11 songs – 49 minutes
Led by guitarist/vocalist Peter Veteska, Peter V Blues Train delivered a promising, self-titled debut album last year after representing the Jersey Shore Jazz & Blues Foundation at the International Blues Challenge. Creating a sophisticated blend of modern blues with jazz and funk overtones, they prove that the first one was no fluke with this release.
Now in his early 50s, Veteska was born in Manhattan and grew up in Queens, where, influenced by Derek And The Dominos, Alvin Lee and The Allman Brothers, he bought his first guitar at a pawn shop. A self-taught musician, he began playing professionally at age 15, but basically put the six-string down for good after being disillusioned by the music business at 21. A building tradesman by profession, he didn’t pick it up again until nine years ago when that industry soften.
At that point, he started delving deeply into his blues roots, discovering for the first time many of the great guitarists of the ’50s in addition to contemporaries, including Robert Cray. A solid tenor, he didn’t start working on vocals until sitting in at local jams. It’s obvious from this recording that he worked diligently at his craft.
Veteska blends four self-penned originals and seven covers on On Track, backed by his regular unit: keyboard player Aron Gornish, a Philadelphia native with classical training who’s influences include George Duke and Donald Fagan; bassist Sean “Gravey” Graverson, a New Jersey-based iron worker who’s worked with several area bands; and drummer Alex D’Agnese, whose influences include jazz and British blues and rock. They’re augmented by New Jersey Blues Hall Of Fame inductee Bob DelRosso on guitar for three cuts and harp player Gary Nouwirth on two with sax players Danny Walsh and Scott Soloman also making appearances.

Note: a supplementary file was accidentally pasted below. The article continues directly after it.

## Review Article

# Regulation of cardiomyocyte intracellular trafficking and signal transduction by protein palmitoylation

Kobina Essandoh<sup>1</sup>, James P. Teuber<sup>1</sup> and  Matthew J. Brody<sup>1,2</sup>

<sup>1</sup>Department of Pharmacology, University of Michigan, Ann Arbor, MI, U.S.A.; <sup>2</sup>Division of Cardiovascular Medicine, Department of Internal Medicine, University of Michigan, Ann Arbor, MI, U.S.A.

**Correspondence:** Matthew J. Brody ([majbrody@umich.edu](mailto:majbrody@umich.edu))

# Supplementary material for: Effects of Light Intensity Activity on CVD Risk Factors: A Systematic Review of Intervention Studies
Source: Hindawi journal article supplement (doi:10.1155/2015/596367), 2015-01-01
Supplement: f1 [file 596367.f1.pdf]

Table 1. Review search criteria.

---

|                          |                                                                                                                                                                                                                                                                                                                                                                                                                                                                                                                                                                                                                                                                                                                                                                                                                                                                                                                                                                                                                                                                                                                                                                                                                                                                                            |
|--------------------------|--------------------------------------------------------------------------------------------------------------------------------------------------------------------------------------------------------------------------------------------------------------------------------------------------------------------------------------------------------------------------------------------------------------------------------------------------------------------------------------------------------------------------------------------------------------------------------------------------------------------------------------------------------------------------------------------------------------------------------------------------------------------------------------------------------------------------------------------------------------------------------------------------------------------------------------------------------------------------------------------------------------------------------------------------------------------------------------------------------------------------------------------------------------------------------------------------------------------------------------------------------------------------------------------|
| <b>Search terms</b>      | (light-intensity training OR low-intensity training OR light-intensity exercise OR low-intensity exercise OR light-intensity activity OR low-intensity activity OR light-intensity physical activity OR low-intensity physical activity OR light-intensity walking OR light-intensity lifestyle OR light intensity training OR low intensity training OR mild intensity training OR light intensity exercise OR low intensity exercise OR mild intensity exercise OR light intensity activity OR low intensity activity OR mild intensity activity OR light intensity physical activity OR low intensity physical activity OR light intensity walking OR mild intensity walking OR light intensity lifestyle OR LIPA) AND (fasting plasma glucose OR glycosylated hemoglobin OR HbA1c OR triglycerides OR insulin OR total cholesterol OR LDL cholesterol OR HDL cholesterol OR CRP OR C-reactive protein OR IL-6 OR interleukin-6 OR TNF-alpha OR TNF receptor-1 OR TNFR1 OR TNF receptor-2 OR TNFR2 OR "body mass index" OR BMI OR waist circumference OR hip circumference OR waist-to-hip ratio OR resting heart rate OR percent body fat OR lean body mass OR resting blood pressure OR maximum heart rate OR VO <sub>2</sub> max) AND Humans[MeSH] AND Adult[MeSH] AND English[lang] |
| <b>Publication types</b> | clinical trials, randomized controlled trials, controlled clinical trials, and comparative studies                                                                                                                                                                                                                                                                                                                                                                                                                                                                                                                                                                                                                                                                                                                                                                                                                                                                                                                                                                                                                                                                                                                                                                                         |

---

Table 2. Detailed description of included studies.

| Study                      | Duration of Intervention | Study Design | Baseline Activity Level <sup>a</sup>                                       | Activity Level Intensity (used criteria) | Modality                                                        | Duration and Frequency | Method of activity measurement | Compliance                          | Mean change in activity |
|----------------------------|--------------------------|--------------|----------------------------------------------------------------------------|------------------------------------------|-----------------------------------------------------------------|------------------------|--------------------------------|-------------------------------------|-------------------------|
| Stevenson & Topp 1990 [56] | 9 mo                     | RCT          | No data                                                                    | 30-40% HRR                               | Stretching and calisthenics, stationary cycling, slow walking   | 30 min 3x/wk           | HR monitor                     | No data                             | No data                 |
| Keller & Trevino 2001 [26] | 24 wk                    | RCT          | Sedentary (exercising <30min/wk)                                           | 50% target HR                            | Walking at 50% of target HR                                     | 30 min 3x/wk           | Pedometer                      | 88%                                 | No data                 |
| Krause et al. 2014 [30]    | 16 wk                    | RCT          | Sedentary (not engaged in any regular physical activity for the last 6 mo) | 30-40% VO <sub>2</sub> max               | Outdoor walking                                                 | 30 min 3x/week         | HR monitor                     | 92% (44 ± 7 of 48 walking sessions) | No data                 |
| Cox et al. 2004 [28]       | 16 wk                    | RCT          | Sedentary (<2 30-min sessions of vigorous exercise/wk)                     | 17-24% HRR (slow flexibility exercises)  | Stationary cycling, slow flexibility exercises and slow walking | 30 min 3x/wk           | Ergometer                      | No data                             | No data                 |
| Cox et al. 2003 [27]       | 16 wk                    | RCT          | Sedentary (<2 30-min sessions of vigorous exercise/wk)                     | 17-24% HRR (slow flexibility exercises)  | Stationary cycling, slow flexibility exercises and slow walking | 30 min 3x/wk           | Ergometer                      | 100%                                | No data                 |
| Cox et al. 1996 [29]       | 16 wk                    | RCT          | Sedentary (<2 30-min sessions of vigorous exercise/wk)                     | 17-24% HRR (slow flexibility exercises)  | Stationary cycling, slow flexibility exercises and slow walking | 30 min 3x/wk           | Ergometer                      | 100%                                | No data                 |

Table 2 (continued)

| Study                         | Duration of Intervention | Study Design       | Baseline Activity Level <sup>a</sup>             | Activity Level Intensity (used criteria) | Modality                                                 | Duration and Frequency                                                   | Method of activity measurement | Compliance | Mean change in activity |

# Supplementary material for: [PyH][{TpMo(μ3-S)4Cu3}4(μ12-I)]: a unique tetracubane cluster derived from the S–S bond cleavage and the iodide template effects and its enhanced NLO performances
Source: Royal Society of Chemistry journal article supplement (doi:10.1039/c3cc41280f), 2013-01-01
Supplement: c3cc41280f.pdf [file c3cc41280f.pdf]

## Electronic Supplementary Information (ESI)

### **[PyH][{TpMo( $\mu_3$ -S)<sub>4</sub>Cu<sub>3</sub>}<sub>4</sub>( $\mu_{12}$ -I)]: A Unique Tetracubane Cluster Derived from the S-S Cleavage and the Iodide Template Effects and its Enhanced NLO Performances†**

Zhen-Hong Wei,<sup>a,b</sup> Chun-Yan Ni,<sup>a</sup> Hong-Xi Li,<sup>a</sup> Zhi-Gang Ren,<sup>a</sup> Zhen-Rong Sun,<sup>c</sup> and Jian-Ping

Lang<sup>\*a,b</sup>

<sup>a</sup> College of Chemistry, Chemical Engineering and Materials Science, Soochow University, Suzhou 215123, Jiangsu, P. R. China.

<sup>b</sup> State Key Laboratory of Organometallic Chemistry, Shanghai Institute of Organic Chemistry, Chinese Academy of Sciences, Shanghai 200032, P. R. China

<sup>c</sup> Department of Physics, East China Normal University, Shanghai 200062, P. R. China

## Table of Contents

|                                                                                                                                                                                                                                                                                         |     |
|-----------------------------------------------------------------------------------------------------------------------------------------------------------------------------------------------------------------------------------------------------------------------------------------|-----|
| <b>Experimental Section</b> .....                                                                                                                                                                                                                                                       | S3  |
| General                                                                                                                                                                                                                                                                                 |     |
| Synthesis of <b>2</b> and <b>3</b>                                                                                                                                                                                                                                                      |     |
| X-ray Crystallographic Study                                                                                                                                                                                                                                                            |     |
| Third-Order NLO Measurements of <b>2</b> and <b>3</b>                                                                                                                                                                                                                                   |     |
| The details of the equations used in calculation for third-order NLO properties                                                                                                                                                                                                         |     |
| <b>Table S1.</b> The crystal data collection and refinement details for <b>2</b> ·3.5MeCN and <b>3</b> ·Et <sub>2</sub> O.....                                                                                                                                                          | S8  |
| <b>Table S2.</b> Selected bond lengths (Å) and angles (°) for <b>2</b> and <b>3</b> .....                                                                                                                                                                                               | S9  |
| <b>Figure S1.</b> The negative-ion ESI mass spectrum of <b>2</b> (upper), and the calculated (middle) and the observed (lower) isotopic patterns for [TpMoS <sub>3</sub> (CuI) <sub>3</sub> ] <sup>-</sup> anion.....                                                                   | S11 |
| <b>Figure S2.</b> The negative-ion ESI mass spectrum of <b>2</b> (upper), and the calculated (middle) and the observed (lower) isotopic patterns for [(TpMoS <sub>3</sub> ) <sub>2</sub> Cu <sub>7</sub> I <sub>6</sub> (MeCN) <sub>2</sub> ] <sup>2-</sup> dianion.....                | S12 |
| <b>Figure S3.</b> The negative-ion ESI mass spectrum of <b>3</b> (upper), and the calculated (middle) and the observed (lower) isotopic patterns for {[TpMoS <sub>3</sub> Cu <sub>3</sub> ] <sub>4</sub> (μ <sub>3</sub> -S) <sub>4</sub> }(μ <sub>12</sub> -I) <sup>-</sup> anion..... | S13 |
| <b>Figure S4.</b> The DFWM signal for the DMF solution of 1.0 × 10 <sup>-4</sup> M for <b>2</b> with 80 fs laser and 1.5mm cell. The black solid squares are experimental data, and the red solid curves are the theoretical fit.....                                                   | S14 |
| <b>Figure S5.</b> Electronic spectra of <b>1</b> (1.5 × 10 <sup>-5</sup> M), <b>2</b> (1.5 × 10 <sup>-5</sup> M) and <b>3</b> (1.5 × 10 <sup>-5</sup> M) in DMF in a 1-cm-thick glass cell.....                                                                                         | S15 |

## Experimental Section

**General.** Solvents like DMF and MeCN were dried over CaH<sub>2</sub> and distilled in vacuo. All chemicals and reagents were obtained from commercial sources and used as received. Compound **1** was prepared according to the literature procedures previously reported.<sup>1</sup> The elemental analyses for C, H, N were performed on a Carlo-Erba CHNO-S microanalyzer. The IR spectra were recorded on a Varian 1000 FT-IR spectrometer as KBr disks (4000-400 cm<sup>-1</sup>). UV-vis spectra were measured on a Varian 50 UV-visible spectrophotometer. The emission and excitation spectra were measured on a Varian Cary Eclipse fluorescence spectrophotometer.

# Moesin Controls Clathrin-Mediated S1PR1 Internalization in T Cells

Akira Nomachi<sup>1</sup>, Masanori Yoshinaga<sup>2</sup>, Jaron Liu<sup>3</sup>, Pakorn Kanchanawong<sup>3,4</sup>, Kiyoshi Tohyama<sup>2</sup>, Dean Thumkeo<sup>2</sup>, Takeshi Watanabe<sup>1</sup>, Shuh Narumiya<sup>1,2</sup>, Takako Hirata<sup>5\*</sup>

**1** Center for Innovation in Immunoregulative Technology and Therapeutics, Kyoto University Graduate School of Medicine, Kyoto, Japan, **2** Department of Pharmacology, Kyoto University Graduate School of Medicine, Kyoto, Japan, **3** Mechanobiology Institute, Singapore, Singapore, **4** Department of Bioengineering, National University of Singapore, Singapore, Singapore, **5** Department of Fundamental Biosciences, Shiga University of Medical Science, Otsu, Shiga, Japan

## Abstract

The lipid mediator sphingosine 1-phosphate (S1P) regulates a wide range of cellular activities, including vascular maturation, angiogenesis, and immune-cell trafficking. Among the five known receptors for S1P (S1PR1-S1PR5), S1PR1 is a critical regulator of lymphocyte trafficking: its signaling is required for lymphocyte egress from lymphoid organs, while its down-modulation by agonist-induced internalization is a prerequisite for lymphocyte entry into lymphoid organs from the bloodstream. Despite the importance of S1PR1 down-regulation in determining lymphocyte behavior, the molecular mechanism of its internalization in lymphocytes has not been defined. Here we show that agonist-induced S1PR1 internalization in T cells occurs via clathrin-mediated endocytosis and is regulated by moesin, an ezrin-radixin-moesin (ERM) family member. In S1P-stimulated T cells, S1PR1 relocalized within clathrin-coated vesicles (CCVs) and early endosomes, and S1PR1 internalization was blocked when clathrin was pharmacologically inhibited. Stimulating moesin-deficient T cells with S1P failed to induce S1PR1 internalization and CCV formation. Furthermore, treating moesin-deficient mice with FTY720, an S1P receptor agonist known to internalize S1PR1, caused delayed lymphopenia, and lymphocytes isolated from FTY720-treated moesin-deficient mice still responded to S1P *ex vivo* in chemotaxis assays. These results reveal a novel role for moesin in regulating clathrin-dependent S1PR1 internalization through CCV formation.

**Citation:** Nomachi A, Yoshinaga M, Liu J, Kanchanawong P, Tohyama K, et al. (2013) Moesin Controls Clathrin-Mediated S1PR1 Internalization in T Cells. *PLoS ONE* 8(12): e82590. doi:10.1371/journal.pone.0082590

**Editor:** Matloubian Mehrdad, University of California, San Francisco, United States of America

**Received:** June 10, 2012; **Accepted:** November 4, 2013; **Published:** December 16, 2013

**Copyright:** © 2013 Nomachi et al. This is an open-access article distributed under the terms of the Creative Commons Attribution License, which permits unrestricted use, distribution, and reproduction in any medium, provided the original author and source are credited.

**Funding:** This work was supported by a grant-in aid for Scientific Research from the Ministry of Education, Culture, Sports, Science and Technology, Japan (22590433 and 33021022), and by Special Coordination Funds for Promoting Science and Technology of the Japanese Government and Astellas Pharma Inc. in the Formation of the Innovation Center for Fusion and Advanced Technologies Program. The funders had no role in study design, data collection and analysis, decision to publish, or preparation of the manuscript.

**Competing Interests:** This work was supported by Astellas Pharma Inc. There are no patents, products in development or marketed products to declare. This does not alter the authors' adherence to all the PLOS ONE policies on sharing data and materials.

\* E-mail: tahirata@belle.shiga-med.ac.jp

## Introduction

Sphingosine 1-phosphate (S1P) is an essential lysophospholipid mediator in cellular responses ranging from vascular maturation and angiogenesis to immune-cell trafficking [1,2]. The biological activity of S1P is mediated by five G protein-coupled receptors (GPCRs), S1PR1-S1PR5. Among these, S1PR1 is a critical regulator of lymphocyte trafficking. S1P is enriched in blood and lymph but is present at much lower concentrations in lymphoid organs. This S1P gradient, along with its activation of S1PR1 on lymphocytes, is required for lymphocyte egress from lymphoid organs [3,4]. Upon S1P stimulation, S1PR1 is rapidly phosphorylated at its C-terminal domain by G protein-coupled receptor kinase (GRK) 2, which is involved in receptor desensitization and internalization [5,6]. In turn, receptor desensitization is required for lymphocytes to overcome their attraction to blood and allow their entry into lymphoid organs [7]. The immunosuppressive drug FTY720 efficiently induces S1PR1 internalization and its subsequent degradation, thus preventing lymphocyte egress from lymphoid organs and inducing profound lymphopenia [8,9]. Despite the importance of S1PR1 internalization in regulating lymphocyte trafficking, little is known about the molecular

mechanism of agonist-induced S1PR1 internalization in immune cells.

A brief staccato guitar riff opens the percussive original, “By The River.” It’s a powerful love song with a funky beat and fiery runs on the six-string that asserts “lovin’ you is no pick-up line” as it describes a tequila-fueled journey in which the couple have nothing but time. The theme continues with a reworking of Ray Charles’ “I’ve Got A Woman.” Soloman’s horn is featured as Veteska delivers a jazzy, unhurried version of the 1954 chart-topper. Brother Ray would enjoy his soulful vocal.
The original, “What Ya Want” is up next. Reminiscent of Average White Band’s “Pick Up The Pieces,” it’s a pure funk with jazz nuances that features Gornish and Walsh and is sure to get audiences up on the dance floor. The tempo slows dramatically for Indigenous’ “Blues This Morning” with Peter V laying down some tasty single-note runs before a thoroughly modern re-do of Lee’s “Me & My Baby.”
The band dips into the songbooks of B.B. King and T-Bone Walker for interesting takes on “Help Poor Me” — delivered atop a regimented drumbeat — and “Old Time Used To Be” — performed as a stripped-down slow blues — before the original “Hey Little Babe” fires out of the gate. It’s a funk-based blues that wonders where the lady “got that thing”– a not-so-subtle reference to the way her derriere swings. It features another Soloman solo.
Robert Johnson’s “Crossroads” is up next, delivered as a syncopated urban blues, before a cover of Willie Dixon’s “Seventh Son,” a standard for Muddy Waters. Peter’s vocals slide seductively throughout atop another funky beat. The set concludes with “Still Got The Blues,” a searing blues delivered from the point of a man who’s still in love with a lady who’s moved on to another man.
The production and music are classy and rock-solid throughout. If your tastes run toward modern urban blues, you’ll definitely get into this one.